Volume 12 - Issue 2

Mini review Biomedical Science and Research Biomedical Science and Research CC by Creative Commons, CC-BY

Pregnancy and Covid 19

*Corresponding author: Kamal El Moussaoui, Department of Gynecology and Obstetrics, Maternity Souissi, University Hospital Center Ibn Sina, University Mohammed V, Rabat, Morocco

Received: February 02, 2021; Published: March 17, 2021

DOI: 10.34297/AJBSR.2021.12.001739


The COVID19 virus also affects pregnant women. While the vast majority of infected patients have few symptoms, about 10% of them may have a pneumonia that is important to diagnose and treat. Initial data from the literature suggest management similar to that of the general population. There is a greater risk of premature delivery requiring the administration of corticosteroids for fetal lung maturation in the event of imminent delivery. The route of delivery should be guided by obstetric history even though a large proportion of caesarean sections are included in the published series. Loco-regional anaesthesia is allowed. To date, only a few cases of mother-foetal transmission have been described, rather related to per- or postpartum transmission. The rate of perinatal morbidity and mortality is very low. Only one maternal death has been described. Breastfeeding is allowed with protective measures (hand disinfection, mask for the delivery). In conclusion, all the current studies suggest that pregnant women infected with COVID-19 and their newborn babies have a good prognosis of evolution, but it will be necessary to wait for large multicentric and well-documented series to confirm these data.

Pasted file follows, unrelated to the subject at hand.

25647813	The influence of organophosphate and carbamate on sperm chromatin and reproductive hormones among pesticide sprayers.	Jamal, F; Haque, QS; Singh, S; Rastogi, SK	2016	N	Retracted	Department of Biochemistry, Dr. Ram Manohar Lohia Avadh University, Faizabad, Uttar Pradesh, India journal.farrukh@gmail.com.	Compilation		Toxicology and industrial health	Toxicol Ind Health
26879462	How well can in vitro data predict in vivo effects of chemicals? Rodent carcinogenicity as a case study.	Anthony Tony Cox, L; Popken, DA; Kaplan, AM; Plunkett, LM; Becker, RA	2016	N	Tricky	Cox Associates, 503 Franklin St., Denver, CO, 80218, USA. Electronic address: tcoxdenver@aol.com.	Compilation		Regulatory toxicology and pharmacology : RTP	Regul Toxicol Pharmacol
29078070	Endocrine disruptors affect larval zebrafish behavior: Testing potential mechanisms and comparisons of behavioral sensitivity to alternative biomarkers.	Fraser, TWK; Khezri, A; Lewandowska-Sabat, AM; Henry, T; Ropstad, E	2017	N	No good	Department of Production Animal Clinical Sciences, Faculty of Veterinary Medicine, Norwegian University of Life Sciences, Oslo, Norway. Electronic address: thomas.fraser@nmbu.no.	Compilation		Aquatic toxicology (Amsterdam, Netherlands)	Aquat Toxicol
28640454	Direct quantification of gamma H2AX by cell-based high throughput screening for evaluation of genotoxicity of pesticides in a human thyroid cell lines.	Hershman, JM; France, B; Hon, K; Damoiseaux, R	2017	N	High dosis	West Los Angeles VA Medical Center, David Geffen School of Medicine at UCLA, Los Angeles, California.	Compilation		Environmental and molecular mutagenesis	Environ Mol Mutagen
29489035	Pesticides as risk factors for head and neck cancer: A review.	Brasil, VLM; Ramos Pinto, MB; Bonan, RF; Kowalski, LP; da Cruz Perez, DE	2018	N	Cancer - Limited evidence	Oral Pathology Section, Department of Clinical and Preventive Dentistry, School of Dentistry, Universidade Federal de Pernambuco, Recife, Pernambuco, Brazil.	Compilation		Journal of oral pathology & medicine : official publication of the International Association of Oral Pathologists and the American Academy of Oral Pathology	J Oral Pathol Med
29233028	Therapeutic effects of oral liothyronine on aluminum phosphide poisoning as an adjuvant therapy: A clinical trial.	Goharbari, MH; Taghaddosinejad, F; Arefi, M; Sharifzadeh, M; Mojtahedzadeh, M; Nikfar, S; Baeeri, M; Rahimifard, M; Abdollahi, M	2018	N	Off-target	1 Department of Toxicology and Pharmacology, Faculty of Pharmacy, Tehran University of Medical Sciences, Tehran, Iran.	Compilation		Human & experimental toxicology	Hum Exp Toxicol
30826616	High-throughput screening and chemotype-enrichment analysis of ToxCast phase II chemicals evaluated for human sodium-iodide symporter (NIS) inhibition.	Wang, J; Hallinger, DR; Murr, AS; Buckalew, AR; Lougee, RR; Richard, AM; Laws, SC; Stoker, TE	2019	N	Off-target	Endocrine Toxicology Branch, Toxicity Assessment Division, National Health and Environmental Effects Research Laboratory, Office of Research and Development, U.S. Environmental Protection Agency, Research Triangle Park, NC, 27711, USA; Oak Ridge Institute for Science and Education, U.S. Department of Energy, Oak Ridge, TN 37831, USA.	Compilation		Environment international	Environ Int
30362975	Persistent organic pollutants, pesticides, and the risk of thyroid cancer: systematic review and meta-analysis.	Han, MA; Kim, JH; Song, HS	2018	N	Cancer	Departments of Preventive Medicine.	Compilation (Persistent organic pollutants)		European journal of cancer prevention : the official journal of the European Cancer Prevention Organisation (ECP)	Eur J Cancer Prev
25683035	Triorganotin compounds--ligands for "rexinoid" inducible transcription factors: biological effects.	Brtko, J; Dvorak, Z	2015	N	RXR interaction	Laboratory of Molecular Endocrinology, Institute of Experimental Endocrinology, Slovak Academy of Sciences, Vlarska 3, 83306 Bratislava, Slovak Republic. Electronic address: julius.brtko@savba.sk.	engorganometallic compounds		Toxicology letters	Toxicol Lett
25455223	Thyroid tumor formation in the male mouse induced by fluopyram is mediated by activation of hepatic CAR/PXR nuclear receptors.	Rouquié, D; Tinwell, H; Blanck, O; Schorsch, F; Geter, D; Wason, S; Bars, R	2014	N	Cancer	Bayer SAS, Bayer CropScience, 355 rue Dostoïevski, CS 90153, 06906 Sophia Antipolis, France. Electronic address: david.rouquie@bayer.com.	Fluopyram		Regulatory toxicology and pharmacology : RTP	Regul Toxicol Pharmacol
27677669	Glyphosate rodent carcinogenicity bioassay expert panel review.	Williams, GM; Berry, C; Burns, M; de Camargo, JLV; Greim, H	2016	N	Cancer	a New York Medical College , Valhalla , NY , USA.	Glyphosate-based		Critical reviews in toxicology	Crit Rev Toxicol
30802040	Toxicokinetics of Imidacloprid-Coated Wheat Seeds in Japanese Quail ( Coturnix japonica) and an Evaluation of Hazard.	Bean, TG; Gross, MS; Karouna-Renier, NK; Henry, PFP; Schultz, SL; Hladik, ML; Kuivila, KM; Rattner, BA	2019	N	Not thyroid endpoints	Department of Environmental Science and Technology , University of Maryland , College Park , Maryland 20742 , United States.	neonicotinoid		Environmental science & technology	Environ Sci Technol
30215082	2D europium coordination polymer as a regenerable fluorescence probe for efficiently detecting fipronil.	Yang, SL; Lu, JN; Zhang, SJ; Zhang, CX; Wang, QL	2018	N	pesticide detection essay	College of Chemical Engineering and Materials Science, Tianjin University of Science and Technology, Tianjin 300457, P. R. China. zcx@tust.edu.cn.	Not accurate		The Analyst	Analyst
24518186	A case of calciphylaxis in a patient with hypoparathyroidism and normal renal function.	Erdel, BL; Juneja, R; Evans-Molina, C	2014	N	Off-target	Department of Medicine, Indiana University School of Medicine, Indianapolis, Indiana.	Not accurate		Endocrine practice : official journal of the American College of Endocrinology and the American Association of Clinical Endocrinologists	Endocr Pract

Keywords: Pregnancy- Covid19